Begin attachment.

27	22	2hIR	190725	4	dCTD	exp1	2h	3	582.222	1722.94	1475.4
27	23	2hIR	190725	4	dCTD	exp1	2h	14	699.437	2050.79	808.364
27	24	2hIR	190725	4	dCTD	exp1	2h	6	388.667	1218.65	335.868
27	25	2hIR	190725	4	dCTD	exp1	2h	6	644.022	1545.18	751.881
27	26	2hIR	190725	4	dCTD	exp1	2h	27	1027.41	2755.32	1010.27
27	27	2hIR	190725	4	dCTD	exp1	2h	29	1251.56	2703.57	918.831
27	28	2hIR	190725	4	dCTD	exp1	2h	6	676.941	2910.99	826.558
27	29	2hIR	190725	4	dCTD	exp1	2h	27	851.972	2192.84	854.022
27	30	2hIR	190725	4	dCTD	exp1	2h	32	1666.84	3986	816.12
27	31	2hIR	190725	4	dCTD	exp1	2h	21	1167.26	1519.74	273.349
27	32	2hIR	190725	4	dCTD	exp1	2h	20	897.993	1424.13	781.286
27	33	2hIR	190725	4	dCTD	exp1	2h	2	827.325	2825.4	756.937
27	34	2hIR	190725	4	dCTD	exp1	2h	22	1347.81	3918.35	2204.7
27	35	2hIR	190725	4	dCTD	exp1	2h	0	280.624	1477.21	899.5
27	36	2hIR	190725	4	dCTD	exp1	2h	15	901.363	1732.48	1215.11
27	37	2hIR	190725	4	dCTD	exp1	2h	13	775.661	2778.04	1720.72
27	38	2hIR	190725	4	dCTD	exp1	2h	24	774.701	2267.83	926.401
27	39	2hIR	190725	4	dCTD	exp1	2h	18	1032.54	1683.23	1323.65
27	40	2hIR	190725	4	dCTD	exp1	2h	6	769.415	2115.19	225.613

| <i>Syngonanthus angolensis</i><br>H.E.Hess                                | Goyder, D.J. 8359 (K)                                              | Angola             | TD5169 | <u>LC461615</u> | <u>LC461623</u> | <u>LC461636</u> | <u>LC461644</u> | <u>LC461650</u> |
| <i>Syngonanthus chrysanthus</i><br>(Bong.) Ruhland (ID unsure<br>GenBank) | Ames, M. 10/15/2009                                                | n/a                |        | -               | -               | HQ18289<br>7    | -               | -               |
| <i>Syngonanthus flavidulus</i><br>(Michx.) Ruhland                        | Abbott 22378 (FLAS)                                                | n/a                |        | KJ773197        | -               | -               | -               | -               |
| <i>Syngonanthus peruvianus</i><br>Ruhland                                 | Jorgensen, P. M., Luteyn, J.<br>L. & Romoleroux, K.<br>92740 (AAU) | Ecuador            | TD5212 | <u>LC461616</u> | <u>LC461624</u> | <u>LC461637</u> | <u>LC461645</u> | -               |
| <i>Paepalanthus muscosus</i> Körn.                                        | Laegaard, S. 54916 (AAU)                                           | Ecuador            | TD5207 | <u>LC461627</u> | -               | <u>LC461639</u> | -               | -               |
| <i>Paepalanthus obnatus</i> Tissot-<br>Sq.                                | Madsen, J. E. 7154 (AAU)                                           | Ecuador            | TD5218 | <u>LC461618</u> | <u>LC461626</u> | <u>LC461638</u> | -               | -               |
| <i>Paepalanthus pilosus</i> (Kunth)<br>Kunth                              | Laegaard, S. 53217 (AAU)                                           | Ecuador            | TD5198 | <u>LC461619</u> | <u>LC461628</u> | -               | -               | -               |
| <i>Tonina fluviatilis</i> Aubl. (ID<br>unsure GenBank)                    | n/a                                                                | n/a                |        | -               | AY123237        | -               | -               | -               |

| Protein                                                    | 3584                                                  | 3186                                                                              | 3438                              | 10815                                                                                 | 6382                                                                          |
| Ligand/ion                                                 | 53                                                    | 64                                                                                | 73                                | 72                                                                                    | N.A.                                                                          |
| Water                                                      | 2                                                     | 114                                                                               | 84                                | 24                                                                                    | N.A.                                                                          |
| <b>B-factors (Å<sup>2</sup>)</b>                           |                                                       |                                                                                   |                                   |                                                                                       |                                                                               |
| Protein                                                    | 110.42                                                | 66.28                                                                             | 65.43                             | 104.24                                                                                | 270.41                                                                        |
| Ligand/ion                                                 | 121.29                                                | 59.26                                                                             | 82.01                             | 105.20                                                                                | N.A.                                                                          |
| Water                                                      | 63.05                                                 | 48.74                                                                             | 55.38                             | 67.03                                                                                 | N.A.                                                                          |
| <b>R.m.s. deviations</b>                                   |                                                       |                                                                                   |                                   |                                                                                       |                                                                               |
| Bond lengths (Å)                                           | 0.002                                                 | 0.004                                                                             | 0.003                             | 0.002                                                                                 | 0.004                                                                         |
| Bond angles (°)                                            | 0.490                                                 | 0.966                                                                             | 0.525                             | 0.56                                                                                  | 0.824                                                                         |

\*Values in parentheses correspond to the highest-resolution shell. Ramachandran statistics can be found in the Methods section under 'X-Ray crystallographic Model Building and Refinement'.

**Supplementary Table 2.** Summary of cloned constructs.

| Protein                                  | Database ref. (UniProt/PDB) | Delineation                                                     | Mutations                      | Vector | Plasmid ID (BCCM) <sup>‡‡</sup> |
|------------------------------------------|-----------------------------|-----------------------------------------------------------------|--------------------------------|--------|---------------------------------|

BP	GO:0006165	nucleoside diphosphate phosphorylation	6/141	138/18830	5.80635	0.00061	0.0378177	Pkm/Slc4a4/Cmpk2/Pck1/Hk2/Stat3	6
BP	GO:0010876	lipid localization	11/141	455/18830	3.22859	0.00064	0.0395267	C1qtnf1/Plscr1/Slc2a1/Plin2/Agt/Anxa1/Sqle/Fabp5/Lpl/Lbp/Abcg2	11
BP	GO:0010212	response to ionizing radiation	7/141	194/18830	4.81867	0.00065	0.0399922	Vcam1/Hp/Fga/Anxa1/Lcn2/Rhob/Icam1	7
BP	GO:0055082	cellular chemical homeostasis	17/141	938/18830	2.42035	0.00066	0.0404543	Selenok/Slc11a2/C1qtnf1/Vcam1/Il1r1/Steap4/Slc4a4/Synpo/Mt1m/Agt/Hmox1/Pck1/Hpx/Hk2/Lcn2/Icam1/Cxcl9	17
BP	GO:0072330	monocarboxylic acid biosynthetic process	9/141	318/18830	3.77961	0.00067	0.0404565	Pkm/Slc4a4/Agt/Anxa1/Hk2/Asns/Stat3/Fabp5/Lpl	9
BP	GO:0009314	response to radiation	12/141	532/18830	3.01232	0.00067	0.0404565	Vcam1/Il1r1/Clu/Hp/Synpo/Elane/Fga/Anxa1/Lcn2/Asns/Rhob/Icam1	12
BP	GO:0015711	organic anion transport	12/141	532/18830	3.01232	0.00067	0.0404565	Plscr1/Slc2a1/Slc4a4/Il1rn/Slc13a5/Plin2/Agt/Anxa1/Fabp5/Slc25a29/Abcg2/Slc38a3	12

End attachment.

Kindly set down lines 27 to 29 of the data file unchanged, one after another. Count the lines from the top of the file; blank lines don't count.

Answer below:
| <i>Tonina fluviatilis</i> Aubl. (ID<br>unsure GenBank)                    | n/a                                                                | n/a                |        | -               | AY123237        | -               | -               | -               |

| Protein                                                    | 3584                                                  | 3186                                                                              | 3438                              | 10815                                                                                 | 6382                                                                          |
| Ligand/ion                                                 | 53                                                    | 64                                                                                | 73                                | 72                                                                                    | N.A.                                                                          |